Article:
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Concealment

 

Sometimes a job applicant fails to put down complete information in response to questions. Assuming you have screened your application to get rid of illegal or risky questions (see "Falsification"), it will generally be disqualifying misconduct for an applicant to have concealed information that should have been disclosed. Your chances of winning a UI claim in such a situation are improved if your application contained wording more or less like the following:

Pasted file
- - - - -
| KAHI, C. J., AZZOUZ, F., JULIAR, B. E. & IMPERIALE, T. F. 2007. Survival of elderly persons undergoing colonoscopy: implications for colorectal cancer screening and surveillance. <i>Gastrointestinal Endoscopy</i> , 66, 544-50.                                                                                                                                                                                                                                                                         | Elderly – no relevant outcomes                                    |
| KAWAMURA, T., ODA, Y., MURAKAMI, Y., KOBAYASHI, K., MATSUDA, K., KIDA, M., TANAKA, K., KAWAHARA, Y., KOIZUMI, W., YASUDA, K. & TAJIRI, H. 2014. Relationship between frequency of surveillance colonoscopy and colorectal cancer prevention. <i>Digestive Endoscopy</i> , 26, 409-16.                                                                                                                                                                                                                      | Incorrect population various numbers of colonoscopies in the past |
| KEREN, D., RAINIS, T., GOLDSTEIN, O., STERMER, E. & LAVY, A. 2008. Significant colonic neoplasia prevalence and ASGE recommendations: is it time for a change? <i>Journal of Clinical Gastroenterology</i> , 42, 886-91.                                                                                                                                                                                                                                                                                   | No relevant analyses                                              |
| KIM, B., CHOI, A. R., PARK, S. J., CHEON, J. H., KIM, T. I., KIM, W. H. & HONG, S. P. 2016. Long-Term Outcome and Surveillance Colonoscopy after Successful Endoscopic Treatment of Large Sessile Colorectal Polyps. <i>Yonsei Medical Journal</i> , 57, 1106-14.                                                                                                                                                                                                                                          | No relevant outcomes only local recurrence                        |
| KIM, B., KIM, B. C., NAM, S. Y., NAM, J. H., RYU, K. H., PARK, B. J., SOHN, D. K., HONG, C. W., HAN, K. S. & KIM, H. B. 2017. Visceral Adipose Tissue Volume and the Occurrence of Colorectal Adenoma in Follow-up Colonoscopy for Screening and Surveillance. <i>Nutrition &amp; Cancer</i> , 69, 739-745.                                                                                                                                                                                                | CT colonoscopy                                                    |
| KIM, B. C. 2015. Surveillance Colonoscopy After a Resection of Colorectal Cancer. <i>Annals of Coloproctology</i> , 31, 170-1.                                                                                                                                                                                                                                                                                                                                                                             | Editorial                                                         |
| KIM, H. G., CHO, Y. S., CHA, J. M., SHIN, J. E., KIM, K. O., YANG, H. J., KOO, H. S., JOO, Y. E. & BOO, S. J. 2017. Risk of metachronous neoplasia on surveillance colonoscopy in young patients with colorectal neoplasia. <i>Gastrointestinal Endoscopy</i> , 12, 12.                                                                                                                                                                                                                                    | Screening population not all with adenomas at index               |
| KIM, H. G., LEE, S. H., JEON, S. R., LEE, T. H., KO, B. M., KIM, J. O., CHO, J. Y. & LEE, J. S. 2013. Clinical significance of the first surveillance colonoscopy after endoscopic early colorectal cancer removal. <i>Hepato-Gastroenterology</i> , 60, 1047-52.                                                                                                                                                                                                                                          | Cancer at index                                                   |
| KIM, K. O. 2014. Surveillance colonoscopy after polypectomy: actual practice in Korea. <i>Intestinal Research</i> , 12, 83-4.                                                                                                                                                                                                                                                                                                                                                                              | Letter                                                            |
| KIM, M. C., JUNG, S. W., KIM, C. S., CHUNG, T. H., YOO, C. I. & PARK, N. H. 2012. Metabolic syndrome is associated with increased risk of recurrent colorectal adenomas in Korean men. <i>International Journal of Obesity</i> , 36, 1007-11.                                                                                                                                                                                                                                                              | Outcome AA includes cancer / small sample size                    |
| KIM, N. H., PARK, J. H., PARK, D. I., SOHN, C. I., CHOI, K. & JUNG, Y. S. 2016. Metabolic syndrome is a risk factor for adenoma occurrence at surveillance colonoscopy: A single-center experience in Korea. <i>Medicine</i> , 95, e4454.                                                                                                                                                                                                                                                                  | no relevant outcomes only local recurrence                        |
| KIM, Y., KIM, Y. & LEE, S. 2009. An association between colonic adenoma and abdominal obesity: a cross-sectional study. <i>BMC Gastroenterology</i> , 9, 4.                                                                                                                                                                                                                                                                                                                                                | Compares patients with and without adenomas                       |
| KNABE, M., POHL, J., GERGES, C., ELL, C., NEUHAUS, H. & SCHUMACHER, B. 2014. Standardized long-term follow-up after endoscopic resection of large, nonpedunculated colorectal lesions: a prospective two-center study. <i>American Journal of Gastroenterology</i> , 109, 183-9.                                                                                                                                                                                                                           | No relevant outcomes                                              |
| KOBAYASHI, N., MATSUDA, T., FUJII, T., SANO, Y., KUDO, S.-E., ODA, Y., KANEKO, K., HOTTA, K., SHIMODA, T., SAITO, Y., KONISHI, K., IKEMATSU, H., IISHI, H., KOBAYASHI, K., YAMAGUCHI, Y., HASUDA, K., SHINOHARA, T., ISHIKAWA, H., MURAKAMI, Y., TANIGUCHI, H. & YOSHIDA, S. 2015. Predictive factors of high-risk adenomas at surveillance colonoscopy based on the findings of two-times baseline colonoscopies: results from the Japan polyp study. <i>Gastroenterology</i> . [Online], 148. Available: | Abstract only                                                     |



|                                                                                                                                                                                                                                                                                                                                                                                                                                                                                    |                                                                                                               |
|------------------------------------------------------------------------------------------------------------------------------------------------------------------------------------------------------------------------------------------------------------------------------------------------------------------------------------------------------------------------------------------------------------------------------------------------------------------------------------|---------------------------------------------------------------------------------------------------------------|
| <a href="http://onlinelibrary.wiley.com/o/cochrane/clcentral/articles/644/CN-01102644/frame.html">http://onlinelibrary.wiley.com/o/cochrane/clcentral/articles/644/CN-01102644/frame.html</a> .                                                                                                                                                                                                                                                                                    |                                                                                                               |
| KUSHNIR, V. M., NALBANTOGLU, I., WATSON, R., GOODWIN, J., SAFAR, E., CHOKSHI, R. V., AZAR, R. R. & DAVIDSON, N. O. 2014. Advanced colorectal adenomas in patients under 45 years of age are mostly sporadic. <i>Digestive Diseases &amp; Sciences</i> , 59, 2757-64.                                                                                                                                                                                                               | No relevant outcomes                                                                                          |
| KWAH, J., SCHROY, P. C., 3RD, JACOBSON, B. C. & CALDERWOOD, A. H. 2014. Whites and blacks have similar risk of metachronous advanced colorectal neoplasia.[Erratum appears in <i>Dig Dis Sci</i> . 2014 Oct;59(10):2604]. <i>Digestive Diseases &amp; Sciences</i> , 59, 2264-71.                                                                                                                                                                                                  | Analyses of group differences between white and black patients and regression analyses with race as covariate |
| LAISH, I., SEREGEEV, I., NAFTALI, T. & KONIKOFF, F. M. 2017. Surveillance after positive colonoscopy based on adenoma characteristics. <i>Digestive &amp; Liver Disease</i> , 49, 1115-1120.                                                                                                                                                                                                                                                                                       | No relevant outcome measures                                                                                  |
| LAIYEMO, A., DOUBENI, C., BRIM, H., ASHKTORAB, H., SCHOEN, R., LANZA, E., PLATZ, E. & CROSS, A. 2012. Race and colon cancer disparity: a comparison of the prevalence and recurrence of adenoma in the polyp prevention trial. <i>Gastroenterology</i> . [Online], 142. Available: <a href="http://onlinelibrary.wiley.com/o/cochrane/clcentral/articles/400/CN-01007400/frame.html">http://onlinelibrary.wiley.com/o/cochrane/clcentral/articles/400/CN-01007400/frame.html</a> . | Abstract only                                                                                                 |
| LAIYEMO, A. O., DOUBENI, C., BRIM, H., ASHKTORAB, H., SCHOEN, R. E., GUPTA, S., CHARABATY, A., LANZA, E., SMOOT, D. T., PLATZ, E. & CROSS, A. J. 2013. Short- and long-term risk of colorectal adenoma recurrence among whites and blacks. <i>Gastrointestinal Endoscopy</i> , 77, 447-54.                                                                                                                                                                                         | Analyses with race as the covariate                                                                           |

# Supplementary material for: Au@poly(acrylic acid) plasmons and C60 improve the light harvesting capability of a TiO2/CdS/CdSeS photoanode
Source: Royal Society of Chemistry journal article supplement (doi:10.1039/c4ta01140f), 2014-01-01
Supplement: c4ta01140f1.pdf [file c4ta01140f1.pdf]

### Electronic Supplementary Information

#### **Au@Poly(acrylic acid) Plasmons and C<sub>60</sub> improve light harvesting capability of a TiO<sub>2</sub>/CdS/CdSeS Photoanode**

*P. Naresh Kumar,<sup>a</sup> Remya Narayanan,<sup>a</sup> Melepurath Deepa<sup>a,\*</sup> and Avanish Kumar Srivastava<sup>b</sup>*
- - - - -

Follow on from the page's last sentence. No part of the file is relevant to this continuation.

...I certify that all information I have supplied on this application is accurate and complete. I understand that any wrong or incomplete information on this application can lead to my not being hired or, if I am hired, to my termination from employment if discovered after hire...

 

If you hire someone and later find out there was more to their story than they told, confront them with the situation prior to termination and ask them to explain in their own words in writing what happened. Then, if termination is still appropriate, you will be able to use their written statement as valuable evidence when defending against an unemployment claim. If they do not want to give you a written statement, at least have a witness present who can testify as to any confessions the employee may give at or near the time of termination.

 

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